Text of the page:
This project develops a broad-based, interdisciplinary approach for future elementary school teachers leading to a positive attitude toward science. Twenty teaching modules are being developed that cover major science concepts and inquiry skills outlined in national and states standards. Each module is designed for two weeks of class time. While the approach is specifically designed for preservice teachers, 10

FY 98 Awards it also meets well the needs of all non-SMET majors. The modules also provide an excellent format for inservice development. Mathematical Modules in Biology and Chemistry Sean F. Ellermeyer Kennesaw State College Kennesaw, GA 301445591 sellerme@ksumail.kennesaw.edu DUE-9752555 $49,952 Mathematics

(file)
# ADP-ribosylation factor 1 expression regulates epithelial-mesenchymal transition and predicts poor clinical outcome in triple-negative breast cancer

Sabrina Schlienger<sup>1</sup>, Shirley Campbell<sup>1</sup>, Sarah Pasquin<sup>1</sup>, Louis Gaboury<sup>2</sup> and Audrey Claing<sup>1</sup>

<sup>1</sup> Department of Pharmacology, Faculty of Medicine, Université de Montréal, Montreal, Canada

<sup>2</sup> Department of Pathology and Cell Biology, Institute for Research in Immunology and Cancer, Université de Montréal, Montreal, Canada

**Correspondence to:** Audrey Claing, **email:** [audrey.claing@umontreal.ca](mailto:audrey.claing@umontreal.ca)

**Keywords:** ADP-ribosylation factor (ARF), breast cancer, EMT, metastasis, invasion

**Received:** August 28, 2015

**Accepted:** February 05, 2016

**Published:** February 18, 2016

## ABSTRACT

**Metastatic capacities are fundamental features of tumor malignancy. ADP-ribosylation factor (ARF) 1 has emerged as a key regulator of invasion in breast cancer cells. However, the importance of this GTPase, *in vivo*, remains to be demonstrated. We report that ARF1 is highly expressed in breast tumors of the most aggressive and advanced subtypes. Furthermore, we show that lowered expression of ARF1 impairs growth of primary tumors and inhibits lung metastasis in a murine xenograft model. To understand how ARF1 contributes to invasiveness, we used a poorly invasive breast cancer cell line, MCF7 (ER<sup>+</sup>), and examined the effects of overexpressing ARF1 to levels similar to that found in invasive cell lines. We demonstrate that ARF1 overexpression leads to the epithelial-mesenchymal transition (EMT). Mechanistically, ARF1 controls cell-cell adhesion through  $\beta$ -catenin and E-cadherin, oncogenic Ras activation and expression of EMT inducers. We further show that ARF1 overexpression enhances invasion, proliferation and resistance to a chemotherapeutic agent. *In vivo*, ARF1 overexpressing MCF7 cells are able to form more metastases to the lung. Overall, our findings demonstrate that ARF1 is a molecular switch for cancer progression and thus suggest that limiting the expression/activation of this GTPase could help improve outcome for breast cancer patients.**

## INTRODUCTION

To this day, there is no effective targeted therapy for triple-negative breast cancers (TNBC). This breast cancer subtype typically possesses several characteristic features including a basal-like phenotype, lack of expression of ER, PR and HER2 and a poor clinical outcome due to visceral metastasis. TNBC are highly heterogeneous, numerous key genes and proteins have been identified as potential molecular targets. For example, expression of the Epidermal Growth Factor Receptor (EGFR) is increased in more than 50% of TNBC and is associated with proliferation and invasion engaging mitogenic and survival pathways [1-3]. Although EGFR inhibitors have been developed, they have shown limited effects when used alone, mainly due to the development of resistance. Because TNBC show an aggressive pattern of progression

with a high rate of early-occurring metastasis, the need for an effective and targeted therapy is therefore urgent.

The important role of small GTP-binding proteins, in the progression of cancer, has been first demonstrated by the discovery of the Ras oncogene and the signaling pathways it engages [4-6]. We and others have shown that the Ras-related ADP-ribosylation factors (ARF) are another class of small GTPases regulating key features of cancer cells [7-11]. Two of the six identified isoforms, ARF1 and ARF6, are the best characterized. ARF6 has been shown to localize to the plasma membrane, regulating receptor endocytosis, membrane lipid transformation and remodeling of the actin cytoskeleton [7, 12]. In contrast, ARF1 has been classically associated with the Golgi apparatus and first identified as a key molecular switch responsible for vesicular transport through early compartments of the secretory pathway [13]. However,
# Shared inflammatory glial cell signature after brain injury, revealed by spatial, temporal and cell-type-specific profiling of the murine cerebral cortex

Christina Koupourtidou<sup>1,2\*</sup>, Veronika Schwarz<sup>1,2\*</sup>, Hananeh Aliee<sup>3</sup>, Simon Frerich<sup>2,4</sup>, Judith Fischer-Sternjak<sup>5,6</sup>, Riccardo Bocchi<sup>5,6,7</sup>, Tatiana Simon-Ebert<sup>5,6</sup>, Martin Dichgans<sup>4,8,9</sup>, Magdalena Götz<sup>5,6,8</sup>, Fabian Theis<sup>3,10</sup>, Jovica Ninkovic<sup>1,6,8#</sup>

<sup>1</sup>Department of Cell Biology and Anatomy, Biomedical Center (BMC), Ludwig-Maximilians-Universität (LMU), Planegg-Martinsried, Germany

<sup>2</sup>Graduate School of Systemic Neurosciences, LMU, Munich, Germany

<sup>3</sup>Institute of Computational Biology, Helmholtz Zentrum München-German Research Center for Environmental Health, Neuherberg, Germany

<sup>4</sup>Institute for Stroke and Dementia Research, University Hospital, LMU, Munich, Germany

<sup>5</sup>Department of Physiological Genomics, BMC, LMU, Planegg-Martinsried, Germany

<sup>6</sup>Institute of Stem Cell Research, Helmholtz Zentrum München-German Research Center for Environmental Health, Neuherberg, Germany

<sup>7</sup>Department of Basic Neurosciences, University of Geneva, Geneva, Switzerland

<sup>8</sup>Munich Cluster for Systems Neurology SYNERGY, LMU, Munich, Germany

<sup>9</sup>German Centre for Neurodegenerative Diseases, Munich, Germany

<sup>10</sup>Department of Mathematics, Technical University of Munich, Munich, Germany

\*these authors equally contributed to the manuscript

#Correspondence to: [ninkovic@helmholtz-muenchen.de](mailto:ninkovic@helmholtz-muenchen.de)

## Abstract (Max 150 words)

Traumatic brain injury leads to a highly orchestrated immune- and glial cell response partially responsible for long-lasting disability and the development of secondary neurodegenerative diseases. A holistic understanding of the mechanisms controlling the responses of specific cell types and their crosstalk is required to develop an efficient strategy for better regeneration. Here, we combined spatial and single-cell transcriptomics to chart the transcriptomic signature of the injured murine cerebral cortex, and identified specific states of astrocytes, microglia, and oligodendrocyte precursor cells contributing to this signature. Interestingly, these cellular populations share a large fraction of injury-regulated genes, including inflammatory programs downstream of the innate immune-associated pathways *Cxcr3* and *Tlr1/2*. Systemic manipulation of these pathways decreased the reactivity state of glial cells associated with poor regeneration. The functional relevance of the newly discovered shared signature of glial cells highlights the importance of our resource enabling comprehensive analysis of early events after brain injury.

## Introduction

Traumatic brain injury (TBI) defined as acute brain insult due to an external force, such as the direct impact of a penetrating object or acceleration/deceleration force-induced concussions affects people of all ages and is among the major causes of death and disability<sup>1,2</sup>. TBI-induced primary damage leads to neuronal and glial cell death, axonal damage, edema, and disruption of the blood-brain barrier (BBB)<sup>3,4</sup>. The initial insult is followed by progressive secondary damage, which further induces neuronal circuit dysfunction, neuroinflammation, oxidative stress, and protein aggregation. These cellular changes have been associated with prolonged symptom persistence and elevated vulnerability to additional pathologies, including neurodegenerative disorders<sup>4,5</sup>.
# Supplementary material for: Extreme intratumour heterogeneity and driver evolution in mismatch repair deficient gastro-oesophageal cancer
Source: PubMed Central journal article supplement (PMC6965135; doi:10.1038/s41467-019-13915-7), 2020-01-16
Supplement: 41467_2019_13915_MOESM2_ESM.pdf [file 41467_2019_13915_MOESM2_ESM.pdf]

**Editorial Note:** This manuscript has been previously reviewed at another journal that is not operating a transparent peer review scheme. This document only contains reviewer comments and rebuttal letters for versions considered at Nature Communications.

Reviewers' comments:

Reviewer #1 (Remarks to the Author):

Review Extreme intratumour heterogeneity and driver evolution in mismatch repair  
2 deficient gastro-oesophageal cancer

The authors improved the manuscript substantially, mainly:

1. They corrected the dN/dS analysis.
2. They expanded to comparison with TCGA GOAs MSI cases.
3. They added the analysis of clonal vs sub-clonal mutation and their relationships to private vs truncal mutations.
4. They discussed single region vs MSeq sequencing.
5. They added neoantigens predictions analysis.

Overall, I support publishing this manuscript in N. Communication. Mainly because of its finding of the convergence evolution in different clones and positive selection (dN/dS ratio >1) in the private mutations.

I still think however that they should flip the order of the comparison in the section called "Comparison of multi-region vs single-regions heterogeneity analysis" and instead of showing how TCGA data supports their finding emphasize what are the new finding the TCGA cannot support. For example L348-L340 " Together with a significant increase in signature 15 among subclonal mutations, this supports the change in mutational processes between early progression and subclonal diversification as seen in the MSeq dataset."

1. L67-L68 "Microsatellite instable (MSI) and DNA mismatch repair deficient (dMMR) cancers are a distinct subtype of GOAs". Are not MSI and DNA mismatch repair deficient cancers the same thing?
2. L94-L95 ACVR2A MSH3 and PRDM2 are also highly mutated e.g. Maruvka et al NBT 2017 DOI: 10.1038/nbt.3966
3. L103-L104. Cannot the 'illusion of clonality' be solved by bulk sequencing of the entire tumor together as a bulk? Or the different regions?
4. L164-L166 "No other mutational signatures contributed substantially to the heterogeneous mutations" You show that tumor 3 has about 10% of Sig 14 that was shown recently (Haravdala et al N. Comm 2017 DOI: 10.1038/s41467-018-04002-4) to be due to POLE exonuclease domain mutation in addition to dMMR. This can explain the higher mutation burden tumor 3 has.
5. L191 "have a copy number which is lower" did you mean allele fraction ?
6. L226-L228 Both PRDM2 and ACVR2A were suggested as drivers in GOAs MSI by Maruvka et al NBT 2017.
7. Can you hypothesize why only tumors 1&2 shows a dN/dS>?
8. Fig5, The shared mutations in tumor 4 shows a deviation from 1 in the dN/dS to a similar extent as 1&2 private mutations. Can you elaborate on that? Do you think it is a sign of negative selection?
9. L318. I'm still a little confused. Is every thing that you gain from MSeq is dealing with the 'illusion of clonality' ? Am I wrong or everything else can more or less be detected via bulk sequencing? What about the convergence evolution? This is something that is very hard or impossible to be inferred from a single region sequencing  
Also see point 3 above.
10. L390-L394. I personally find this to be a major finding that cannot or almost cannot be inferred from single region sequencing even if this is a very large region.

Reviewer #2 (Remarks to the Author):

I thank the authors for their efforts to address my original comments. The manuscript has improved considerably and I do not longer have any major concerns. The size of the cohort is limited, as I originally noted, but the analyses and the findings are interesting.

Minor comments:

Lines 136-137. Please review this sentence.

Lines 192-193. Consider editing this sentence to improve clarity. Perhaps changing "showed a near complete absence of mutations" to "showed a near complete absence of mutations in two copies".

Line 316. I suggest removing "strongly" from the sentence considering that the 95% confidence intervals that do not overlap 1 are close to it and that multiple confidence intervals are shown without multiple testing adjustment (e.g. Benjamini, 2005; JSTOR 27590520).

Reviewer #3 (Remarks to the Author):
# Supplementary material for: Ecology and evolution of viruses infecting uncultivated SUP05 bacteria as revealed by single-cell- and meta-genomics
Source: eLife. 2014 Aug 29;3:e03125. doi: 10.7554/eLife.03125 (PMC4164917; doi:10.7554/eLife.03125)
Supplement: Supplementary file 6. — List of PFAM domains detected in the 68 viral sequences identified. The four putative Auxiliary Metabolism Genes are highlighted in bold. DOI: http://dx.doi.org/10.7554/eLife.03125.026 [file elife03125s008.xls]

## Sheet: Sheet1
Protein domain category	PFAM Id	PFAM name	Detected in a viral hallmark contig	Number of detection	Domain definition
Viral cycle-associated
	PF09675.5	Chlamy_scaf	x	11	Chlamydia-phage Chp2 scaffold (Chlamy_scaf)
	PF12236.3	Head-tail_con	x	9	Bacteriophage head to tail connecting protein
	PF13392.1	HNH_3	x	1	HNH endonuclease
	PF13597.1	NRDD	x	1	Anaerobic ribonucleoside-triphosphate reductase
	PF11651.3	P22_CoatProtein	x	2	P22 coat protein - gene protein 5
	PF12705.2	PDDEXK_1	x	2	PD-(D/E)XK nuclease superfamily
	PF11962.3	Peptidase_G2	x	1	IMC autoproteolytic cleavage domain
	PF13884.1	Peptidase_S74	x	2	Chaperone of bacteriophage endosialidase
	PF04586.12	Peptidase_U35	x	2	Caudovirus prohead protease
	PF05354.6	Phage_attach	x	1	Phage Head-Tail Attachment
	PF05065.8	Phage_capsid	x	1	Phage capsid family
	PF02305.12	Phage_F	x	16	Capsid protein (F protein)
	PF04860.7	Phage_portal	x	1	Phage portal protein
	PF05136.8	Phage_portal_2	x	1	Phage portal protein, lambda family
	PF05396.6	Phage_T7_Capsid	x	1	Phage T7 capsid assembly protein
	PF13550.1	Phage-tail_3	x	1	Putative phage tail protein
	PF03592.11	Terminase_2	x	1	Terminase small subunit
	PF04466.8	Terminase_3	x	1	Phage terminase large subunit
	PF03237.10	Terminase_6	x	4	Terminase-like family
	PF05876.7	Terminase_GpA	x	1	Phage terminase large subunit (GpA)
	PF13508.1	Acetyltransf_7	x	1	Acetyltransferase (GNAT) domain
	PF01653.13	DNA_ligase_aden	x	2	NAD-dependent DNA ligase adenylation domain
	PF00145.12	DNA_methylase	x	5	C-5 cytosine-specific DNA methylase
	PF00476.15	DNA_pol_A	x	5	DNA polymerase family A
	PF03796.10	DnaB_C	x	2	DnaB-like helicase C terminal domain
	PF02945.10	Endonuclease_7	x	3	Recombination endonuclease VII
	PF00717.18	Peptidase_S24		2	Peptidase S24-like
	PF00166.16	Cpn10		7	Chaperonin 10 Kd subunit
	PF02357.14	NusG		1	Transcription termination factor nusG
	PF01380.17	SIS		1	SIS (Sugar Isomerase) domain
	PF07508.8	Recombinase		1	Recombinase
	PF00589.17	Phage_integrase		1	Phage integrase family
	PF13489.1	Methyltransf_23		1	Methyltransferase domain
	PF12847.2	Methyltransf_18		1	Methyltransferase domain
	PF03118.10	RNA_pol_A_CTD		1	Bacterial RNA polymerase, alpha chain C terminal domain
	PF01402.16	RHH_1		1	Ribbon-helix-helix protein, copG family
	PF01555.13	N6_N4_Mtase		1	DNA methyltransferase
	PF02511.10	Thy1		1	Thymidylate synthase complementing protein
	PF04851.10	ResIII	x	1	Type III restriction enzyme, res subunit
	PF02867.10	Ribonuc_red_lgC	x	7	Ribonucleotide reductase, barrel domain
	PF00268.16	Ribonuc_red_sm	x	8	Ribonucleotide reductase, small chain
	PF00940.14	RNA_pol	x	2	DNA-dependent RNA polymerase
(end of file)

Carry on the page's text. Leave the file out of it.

The central role that mathematics plays in the advancement of all branches of science has created the demand for biologists and chemists who are quantitatively literate, mathematicians who can work with scientists in collaborative problem solving efforts, and educators who have a broad perspective on the interplay between mathematics and the sciences. This project is developing a library of modules through which students majoring in biology, chemistry, mathematics, and mathematics education gain substantial practical experience in the application of mathematical methods to biology and chemistry. Each module is being developed through a collaborative effort by mathematics and science faculty and addresses individual applications at four levels: precalculus, differential calculus, integral calculus, and differential equations. Through use of the modules in mathematics courses and science laboratory courses, science and mathematics students learn to work together as a problem solving team and to accurately express the results of their mathematical and scientific investigations in writing. Environmental Literacy for All Students: Development of Environmental Science Courses in a New Core Curriculum Denise A. Battles Georgia Southern University Statesboro, GA 30460-8033 dbattles@gsvms2.cc.gasou.edu DUE-9752602 $150,000 Interdisciplinary